Yield is king, and never more so than with this season’s high grain prices, which is why it will make sense to invest in fungicides that maximise wheat yields this spring, according to Mark Hall, a business analyst for Syngenta.


Speaking at the press launch of Syngenta’s new wheat fungicide, Seguris, he outlined the economic factors that he thought made using new fungicide technology a sensible decision.

UK wheat prices had almost doubled in the past 12 months, he said. “And while prices have dipped recently it will be be short-lived.

“Growers are in for a good year in terms of profitability.”

But maximising yields was crucial to take advantage of high grain prices, as costs had also increased markedly in recent years. The latest Anglia Farmers’ Agflation Index figures suggested an increase of about 55% in the costs of operating an arable farm since 2006, well above the 29% compound inflation rate over that period. Fertiliser and fuel had been the main contributory factors, Mr Hall said.

That meant the cost of production of a tonne of wheat had increased by more than £25/t since 2007, according to figures produced by Andersons and Syngenta, with a further small rise predicted for 2011 due to increased fertiliser prices.

Using those figures, growers producing yields of 7t/ha would only be making about £17/t profit if they sold forward at the current £160/t for November wheat, compared with more than £55/t at yields of 10t/ha (see graphic).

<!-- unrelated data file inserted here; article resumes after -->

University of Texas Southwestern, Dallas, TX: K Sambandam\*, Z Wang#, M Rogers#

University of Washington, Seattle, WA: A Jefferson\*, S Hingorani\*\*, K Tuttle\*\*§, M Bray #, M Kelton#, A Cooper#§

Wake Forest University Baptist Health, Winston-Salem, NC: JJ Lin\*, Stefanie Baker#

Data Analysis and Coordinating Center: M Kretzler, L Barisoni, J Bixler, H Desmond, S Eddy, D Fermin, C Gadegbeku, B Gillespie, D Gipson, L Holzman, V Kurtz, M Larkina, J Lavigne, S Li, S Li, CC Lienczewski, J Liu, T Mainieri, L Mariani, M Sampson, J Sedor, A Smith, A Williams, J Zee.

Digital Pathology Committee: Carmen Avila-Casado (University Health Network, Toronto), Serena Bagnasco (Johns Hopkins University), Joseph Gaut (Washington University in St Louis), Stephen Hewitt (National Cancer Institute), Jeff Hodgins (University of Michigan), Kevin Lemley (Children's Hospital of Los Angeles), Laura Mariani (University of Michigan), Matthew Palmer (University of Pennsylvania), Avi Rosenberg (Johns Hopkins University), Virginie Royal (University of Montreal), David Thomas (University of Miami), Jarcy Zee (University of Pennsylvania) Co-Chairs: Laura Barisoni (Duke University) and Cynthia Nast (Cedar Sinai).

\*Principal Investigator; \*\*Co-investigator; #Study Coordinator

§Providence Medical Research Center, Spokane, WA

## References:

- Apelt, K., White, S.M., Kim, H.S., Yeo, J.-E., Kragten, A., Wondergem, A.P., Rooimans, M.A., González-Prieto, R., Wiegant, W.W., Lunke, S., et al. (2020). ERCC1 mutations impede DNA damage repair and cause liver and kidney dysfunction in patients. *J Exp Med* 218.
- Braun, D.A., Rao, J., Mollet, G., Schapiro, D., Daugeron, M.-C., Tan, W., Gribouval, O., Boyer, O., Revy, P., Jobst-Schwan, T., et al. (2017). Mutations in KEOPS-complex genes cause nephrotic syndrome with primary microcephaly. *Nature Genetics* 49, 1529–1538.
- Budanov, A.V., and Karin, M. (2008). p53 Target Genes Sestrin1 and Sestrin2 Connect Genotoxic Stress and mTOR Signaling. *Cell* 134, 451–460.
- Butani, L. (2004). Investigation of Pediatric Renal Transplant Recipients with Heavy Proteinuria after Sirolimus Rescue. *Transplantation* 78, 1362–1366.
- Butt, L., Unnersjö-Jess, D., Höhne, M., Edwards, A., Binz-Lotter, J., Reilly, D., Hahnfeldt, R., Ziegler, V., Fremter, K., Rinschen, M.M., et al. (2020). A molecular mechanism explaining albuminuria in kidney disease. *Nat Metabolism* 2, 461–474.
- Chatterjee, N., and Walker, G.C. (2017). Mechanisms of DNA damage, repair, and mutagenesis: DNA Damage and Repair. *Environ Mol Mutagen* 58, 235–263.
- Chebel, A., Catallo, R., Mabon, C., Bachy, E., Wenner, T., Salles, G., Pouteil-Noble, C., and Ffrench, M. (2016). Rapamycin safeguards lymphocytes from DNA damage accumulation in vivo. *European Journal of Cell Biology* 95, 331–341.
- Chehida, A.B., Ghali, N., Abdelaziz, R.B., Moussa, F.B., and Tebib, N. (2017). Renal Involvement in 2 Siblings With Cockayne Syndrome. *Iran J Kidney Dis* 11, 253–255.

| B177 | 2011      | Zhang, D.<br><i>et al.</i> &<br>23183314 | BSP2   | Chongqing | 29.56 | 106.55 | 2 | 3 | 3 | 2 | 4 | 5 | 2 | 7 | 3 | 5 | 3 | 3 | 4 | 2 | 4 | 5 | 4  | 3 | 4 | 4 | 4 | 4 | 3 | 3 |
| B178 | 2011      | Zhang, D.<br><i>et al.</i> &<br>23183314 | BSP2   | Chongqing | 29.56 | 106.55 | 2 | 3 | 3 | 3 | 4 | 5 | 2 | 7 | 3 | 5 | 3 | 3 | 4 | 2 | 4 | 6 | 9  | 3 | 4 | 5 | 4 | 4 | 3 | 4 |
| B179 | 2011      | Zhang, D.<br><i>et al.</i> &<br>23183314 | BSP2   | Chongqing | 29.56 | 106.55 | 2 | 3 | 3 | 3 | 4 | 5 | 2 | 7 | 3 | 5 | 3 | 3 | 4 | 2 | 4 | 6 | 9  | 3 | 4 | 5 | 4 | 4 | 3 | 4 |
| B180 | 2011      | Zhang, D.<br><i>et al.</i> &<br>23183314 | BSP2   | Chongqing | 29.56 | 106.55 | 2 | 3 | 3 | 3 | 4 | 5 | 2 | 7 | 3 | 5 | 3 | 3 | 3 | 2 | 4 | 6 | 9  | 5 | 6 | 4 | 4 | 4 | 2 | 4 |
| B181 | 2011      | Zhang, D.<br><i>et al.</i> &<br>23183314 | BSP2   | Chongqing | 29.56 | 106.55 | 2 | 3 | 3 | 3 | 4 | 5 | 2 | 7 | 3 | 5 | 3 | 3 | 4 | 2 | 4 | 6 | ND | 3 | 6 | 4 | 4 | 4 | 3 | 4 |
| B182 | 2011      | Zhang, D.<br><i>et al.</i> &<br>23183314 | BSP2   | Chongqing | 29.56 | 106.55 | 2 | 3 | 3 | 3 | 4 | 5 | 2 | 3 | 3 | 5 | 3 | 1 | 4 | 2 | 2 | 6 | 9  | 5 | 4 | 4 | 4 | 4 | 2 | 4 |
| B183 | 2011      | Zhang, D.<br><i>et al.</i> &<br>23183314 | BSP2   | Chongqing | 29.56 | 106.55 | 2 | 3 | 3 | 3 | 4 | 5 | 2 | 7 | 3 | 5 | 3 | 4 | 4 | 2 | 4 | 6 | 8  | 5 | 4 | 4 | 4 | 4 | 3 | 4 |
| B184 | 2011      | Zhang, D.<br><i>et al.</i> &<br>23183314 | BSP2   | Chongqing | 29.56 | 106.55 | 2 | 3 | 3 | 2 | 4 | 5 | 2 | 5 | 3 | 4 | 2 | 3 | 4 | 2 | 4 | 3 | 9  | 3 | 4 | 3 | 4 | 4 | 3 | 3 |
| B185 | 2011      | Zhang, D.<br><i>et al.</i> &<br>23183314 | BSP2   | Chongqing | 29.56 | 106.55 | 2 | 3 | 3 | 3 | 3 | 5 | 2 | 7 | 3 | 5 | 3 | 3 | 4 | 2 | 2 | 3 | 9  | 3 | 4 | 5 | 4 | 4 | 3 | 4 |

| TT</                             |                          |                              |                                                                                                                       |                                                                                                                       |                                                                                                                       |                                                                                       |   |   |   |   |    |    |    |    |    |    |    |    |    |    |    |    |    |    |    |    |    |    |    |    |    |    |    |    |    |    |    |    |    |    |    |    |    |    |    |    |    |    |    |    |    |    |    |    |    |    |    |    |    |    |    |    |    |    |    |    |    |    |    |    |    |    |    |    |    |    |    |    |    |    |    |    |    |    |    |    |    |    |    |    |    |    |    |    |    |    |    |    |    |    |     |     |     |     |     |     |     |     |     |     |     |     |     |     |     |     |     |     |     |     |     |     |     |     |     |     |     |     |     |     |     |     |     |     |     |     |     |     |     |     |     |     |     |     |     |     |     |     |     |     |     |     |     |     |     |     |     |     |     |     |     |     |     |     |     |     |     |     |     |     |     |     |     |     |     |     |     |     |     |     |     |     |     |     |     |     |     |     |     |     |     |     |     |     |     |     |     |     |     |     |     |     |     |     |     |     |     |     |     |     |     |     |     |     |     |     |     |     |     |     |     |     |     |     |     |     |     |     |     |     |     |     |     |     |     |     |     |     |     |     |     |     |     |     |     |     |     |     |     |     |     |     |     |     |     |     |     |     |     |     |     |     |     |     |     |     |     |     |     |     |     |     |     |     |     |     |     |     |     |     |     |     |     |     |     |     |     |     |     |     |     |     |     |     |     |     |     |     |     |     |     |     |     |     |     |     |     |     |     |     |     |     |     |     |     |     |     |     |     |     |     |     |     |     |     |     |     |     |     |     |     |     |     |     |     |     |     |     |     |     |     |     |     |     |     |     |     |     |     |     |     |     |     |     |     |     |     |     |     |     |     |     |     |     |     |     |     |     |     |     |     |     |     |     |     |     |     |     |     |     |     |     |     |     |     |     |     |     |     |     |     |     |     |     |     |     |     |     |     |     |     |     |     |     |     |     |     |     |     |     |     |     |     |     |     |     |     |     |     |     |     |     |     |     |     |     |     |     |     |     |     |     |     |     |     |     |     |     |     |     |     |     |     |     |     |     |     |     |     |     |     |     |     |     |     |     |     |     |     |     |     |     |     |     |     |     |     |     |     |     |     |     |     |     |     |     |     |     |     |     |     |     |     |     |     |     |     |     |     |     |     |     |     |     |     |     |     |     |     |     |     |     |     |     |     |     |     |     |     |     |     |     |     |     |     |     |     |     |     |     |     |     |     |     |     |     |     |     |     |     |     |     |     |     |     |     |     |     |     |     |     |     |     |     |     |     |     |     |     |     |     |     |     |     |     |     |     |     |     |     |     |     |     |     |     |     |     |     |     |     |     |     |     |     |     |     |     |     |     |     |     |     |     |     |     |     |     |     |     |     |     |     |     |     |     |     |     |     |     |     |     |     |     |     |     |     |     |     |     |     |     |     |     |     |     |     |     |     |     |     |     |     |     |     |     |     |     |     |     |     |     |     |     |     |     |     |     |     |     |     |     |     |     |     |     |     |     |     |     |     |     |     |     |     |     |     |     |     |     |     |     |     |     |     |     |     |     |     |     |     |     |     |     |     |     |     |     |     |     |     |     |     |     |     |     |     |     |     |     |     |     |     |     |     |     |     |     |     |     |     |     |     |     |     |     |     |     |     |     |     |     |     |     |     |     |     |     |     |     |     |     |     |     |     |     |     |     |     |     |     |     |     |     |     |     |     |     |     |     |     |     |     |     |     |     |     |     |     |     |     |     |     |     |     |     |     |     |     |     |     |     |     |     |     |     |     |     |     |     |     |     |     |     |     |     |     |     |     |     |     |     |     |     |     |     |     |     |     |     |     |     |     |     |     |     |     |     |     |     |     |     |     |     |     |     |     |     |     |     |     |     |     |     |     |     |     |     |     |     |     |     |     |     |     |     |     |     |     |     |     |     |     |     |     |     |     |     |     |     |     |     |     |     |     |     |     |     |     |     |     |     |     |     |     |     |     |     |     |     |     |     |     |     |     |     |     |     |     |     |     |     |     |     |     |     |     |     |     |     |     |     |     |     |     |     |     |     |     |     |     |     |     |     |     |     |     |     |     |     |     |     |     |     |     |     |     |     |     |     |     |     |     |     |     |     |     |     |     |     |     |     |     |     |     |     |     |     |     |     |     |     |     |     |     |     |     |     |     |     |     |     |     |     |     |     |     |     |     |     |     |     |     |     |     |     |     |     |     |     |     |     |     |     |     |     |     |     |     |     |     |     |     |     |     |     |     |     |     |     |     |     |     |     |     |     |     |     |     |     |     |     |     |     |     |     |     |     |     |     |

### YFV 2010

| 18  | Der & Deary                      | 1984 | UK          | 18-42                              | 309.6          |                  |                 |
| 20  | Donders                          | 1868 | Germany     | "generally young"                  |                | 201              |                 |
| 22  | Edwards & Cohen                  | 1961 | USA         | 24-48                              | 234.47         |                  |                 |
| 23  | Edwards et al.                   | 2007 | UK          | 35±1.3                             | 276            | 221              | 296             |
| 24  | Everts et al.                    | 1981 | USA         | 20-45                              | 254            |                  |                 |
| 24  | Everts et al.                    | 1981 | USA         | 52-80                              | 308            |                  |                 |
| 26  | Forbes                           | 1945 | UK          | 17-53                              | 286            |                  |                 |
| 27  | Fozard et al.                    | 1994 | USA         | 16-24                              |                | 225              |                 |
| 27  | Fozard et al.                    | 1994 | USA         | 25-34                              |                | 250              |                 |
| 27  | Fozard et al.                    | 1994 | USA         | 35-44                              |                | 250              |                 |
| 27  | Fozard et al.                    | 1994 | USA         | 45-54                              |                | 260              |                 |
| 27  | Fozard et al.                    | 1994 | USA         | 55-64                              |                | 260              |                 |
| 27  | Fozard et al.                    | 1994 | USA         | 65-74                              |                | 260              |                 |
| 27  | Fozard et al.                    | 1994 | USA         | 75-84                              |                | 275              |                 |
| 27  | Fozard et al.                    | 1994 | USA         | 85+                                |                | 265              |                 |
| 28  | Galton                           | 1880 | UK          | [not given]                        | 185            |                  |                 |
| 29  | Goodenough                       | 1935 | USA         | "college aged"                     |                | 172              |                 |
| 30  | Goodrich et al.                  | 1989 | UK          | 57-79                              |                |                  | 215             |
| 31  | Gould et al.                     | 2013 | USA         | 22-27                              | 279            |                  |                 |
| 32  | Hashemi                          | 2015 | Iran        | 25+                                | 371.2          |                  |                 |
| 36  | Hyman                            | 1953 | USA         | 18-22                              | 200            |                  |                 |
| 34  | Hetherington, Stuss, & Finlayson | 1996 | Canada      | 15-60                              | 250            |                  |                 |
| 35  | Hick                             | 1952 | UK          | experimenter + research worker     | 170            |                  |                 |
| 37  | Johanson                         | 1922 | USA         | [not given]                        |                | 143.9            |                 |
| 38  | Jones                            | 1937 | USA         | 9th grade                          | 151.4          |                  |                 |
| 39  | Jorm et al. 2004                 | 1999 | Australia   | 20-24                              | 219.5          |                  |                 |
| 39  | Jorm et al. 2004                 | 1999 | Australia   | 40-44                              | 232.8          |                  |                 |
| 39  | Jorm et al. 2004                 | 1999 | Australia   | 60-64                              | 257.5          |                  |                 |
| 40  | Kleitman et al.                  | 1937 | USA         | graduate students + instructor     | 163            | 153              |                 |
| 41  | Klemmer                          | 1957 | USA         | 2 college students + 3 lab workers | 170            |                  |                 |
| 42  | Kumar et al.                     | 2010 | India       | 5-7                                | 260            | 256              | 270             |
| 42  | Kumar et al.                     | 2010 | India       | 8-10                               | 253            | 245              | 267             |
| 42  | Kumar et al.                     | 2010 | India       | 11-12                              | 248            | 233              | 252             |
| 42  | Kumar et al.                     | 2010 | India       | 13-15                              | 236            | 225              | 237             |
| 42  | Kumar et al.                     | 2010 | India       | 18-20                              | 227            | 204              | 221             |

“It is a year to go all out for yield,” Mr Hall stressed.

On-farm average yields appeared to reach a plateau of about 8t/ha in recent seasons, however, according to DEFRA statistics.

That could be because growers had been farming for cost rather than output at lower grain prices, suggested Paul Varney, Syngenta’s fungicide product manager. “We’ve seen new technology launched, growers cutting rates back so they are spending as much as they did previously, and then not seeing any benefit.”

The same would apply if Syngenta’s new SDHI fungicide, Seguris, was used below three-quarter dose, he said. “The reality is the Chemicals Regulation Directorate has already done the rate cutting for growers.”

There was some rate flexibility with the rust diseases, with rates lower than 0.75 litres/ha giving good control, but much less so with septoria, he said. “There isn’t a crop in the UK with just rust.”

More importantly, it was using the new fungicides at higher rates that unlocked the yield responses growers would want. “There is money to be made from increasing doses,” he said.

For example, across 15 trials in 2009 and 2010, where half, three-quarter and full doses of Seguris had been applied, an extra £37/ha was made from the three-quarter dose over the half dose, and another £10/ha on top from using the full dose.

“Seguris will deliver extra yield and be very valuable to growers,” he said. “It should help encourage growers to go all out for yield.”

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